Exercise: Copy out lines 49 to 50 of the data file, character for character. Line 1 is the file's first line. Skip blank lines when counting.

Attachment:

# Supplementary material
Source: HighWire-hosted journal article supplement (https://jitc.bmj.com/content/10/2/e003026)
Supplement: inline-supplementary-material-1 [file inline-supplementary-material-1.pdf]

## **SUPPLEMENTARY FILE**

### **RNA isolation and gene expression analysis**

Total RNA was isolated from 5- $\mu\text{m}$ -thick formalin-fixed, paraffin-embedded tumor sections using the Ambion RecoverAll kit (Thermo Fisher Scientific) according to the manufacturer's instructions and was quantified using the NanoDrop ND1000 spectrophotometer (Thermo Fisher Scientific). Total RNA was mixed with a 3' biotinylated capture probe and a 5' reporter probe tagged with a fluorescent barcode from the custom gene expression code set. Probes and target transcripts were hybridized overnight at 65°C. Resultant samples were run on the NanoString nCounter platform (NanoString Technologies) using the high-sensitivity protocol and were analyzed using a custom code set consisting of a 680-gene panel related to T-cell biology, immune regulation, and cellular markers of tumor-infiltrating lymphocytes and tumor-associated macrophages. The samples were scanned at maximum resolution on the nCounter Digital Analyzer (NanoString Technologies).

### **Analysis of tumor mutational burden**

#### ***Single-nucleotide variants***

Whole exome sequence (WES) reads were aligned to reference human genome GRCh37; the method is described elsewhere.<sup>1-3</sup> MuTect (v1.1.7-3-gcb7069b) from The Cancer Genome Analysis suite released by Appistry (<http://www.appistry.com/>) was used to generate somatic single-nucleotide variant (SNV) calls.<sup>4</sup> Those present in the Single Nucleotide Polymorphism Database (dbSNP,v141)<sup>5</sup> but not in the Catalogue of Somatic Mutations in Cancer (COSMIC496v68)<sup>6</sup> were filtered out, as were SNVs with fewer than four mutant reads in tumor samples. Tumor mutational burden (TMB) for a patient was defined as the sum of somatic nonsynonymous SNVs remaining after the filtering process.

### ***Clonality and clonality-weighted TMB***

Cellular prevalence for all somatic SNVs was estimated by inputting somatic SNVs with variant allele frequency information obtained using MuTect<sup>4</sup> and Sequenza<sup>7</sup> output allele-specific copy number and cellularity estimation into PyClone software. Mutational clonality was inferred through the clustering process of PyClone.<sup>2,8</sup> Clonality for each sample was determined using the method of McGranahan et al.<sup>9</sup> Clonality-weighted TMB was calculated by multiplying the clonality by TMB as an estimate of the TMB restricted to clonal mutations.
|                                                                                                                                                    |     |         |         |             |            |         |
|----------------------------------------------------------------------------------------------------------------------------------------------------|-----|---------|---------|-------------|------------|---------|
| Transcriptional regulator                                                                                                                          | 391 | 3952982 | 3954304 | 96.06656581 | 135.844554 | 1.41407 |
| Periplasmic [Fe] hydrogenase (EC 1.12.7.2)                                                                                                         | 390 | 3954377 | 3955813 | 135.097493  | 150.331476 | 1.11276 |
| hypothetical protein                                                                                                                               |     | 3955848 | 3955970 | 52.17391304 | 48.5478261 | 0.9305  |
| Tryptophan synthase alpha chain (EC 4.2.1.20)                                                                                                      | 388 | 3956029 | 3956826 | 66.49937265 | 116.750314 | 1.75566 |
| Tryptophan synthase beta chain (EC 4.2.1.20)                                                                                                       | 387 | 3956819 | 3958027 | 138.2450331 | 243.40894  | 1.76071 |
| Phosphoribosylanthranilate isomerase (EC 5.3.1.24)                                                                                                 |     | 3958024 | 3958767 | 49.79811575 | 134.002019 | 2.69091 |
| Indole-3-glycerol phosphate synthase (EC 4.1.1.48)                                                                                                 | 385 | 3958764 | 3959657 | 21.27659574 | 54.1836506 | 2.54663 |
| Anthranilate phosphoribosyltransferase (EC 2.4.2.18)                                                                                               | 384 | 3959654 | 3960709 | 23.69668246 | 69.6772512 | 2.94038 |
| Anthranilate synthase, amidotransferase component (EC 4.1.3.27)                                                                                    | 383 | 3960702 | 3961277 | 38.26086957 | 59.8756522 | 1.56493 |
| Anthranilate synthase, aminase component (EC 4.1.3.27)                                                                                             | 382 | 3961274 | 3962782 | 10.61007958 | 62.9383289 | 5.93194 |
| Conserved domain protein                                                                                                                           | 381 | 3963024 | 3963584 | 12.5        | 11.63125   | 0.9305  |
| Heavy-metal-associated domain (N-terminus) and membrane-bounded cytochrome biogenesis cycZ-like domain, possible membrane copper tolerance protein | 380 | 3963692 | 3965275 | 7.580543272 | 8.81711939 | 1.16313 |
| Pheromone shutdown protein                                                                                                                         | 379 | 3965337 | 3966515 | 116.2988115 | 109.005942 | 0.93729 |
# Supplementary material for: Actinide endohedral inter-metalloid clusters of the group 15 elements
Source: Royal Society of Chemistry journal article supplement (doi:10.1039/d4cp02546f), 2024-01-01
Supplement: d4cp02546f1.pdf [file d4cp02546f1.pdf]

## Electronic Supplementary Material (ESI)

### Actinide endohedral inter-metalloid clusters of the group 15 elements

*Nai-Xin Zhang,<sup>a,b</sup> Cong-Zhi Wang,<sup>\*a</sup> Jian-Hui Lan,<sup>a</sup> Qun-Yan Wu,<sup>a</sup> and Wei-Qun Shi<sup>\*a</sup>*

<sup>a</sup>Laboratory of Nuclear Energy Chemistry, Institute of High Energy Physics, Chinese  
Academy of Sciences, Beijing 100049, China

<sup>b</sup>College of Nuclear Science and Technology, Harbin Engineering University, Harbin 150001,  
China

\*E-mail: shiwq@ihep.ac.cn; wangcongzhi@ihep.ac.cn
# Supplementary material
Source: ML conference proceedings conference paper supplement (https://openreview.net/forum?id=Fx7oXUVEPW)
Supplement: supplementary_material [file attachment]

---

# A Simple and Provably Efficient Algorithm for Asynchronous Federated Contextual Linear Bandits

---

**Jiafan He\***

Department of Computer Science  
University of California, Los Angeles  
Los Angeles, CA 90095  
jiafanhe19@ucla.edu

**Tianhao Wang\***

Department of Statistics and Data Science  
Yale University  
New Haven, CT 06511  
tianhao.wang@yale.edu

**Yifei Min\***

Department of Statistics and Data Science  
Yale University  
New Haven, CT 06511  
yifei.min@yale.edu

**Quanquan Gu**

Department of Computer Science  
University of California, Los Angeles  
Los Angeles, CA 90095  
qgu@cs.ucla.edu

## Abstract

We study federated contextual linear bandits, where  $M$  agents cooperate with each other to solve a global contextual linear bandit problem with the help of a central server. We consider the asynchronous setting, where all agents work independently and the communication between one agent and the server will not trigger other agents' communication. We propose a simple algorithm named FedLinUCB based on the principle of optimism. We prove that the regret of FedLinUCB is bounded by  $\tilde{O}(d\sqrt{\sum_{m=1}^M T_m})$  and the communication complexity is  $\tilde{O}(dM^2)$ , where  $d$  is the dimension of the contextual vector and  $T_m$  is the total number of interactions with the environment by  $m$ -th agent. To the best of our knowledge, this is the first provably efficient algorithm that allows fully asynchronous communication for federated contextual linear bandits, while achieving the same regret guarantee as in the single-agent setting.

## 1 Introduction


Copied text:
**Tianhao Wang\***

Department of Statistics and Data Science  